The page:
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The government is consulting on plans to launch a new register of children in England not attending a state school or registered private school

Under the plan, it would be parents' responsibility to register their child if they were not attending a state school or registered private school.

Ministers say a register would help councils intervene when standards were poor or if children were at risk.

The education department estimates the number of children being home educated in England has risen to 60,000.

The government is also consulting on proposals that would require local authorities to provide support for home-educating families, such as teaching resources or financial contributions towards exam fees.

At present, there is no mandatory registration system for families who choose to educate their children at home, although some local authorities run voluntary registration schemes.

This means that the number of home-schooled children remains uncertain.

Read more at: https://www.bbc.co.uk/news/education-47772863

Girls rush to be vets while boys favour the rat race

Veterinary training has the biggest gender gap of any university subject grouping. The ratio of applications to veterinary science degrees starting this autumn was seven female school leavers to every male, bigger than the imbalance in the teaching profession.

Nursing is more female-dominated as an individual discipline but is classed by the Universities and Colleges Admissions Service (Ucas) as falling within subjects allied to medicine, which have three women for every man overall.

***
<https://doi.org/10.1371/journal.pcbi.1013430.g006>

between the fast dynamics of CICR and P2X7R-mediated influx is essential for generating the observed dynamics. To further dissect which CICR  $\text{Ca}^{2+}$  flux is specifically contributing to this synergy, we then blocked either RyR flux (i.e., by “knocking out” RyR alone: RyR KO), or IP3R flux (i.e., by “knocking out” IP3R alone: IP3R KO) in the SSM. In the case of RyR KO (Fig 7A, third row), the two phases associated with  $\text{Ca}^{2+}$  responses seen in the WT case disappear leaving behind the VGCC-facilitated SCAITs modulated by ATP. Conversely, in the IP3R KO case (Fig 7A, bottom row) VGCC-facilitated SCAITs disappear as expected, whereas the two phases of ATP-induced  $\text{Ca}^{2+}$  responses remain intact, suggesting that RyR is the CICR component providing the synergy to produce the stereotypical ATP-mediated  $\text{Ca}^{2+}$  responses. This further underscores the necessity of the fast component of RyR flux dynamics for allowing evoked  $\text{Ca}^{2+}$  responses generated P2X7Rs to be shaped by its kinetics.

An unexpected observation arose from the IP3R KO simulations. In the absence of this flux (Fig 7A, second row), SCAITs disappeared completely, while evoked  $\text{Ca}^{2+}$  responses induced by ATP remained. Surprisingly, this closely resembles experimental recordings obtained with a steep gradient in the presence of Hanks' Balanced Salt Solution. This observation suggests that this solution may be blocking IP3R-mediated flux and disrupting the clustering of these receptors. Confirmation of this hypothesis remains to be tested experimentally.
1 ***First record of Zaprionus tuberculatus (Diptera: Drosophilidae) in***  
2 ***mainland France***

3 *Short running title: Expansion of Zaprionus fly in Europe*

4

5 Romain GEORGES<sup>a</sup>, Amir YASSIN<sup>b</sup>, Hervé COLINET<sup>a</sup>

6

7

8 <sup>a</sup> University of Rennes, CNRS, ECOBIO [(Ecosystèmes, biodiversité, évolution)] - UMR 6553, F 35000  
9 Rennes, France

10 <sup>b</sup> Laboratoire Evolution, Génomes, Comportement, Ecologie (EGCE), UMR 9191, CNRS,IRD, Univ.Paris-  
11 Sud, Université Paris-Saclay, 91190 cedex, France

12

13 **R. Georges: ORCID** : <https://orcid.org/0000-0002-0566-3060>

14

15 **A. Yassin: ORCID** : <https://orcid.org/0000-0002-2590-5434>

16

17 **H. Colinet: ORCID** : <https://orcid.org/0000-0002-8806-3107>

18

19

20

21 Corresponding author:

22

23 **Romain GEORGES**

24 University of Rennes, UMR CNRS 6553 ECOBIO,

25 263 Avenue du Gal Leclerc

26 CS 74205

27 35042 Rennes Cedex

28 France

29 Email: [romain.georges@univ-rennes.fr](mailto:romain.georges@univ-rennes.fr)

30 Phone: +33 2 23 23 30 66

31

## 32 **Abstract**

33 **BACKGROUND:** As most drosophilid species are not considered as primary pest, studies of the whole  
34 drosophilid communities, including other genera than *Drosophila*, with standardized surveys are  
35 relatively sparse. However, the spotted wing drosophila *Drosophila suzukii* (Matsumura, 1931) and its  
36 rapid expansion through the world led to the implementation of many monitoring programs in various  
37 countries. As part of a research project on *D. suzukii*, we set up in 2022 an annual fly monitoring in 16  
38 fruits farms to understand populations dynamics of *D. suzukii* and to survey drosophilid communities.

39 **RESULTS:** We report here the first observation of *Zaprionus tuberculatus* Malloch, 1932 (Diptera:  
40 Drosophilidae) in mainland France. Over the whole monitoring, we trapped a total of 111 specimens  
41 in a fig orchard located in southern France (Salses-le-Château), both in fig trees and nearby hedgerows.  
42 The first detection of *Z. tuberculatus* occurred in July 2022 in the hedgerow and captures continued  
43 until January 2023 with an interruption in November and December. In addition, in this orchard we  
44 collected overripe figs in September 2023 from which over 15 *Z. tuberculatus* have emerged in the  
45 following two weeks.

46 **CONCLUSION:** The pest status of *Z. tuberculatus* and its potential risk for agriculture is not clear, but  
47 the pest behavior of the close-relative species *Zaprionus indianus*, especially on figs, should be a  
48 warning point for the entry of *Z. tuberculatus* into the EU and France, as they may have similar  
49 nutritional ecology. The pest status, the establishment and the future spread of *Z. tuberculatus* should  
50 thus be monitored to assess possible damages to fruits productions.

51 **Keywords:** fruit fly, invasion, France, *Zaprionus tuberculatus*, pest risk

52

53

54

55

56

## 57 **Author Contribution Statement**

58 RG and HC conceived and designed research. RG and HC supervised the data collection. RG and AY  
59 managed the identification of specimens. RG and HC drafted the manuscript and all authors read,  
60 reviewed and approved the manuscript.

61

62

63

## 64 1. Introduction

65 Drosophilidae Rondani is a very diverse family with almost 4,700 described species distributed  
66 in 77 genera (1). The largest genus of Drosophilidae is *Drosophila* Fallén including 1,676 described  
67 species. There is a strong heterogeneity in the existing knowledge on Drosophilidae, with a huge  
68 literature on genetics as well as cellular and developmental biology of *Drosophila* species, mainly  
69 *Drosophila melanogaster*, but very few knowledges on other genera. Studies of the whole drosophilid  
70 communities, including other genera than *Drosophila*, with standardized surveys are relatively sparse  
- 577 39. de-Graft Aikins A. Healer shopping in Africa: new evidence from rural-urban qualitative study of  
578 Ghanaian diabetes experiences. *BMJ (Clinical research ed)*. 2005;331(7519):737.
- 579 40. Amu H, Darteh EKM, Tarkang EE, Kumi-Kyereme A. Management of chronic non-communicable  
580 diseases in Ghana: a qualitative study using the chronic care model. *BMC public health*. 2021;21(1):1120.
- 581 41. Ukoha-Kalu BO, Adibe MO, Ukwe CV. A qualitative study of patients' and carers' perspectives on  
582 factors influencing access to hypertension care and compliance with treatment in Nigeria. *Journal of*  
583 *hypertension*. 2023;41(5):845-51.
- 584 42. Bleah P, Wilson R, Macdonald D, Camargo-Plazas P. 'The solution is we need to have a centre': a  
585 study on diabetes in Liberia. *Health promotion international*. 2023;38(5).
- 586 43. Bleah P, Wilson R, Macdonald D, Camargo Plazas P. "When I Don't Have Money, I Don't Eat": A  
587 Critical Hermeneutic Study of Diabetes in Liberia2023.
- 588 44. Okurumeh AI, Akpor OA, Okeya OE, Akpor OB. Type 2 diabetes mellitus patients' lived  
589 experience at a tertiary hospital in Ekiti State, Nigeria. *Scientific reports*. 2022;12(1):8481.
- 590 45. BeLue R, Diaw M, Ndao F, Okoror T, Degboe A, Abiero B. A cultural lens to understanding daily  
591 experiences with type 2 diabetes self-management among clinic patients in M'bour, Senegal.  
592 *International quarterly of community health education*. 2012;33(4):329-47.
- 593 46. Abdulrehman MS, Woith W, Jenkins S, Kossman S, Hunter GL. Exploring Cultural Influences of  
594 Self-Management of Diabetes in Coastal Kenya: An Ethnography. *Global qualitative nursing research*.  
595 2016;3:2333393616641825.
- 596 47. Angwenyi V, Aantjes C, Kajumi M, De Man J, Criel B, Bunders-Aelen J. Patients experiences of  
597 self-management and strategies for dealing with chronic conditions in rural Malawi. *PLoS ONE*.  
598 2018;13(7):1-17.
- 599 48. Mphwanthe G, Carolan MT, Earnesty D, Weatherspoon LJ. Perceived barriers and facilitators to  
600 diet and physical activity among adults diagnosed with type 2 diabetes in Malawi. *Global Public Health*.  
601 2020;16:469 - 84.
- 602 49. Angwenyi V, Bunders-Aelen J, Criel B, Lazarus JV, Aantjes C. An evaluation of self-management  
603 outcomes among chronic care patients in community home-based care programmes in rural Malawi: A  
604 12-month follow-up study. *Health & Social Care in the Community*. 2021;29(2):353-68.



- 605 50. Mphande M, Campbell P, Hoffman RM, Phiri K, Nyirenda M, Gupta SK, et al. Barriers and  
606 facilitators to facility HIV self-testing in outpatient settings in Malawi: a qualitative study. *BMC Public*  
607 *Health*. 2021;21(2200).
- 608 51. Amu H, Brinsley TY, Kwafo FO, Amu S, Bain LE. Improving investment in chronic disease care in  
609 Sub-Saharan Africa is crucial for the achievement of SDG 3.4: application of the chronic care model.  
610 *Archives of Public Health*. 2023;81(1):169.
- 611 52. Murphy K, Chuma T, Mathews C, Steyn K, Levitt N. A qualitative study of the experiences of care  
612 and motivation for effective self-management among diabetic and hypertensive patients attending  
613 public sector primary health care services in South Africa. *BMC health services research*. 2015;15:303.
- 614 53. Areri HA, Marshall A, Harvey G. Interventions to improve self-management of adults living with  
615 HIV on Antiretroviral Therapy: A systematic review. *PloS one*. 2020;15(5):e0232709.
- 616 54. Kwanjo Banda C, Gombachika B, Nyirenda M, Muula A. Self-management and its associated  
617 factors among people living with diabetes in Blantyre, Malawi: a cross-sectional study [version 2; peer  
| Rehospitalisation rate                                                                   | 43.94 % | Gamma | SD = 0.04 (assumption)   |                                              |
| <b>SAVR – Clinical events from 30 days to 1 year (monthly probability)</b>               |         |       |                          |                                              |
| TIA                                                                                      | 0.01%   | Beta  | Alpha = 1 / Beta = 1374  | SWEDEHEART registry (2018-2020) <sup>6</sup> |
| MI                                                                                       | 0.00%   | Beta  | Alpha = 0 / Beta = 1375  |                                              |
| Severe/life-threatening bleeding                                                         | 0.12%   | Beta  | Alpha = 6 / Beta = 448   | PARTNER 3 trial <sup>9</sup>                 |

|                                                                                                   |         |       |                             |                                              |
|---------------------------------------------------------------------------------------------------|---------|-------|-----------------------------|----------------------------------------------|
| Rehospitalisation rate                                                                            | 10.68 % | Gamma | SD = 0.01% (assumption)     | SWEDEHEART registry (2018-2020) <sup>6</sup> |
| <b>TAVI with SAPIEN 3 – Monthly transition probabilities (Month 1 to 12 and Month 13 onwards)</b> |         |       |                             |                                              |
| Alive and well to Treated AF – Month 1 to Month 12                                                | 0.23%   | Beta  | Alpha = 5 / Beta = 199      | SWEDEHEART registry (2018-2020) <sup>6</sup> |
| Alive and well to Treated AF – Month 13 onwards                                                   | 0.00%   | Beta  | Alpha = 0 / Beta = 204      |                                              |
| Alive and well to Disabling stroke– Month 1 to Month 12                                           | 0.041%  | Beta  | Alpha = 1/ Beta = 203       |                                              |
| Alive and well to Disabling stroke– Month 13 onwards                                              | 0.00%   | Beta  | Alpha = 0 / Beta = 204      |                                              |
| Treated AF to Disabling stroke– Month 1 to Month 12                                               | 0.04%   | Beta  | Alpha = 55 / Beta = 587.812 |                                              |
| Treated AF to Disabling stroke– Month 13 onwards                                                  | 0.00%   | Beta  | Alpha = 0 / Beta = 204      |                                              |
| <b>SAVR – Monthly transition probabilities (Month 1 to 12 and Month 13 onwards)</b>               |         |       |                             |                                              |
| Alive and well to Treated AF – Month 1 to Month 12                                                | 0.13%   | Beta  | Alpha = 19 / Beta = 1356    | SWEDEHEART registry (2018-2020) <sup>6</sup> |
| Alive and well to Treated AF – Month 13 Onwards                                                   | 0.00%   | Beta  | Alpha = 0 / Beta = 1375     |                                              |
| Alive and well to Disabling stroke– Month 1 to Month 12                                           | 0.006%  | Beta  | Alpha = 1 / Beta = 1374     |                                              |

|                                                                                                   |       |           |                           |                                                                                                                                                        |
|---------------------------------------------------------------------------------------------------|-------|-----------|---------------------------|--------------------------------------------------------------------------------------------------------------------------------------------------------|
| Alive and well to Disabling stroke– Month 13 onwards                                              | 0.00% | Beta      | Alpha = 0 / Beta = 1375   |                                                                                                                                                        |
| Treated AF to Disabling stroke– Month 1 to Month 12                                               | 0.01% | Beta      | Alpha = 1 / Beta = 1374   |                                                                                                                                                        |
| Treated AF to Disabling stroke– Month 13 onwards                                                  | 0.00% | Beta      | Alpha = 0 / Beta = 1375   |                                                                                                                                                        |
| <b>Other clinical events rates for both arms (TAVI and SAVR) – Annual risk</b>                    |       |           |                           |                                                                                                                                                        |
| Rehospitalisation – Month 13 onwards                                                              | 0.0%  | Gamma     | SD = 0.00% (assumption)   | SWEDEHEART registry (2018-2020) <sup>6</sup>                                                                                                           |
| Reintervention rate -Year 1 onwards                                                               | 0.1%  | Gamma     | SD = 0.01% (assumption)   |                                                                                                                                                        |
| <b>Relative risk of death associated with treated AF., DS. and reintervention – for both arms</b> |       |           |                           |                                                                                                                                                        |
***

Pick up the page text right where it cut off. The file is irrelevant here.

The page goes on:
The surge in applications is mirrored by acceptance of women on to veterinary courses, according to separate figures, also from Ucas.

The number of men starting pre-clinical veterinary medicine degrees rose by 17 per cent from 210 to 245 between 2009 and this academic year but over the same period the number of female students rose by 53 per cent, from 680 to 1,040.

Experts said that more women were training to become vets as attitudes had changed, more girls took science and maths at school and there was a greater emphasis on so-called soft skills and ethical dilemmas, as well as rigorous training.

They also said that more high-achieving men were being lured into the City because it was more lucrative than becoming a vet. Starting salaries for investment bankers are not that much higher, on average, than for vets but their pay rises much faster.

Entry to veterinary science is highly competitive with school-leavers usually requiring three As at A level and extensive work experience. The degree normally lasts five years and students rack up big debts.

Experienced vets say there is a recruitment and retention crisis in the profession and that entry grades should be lower for those with aptitude.

Read more at: https://www.thetimes.co.uk/article/81d987a6-53fb-11e9-b872-7488e2315159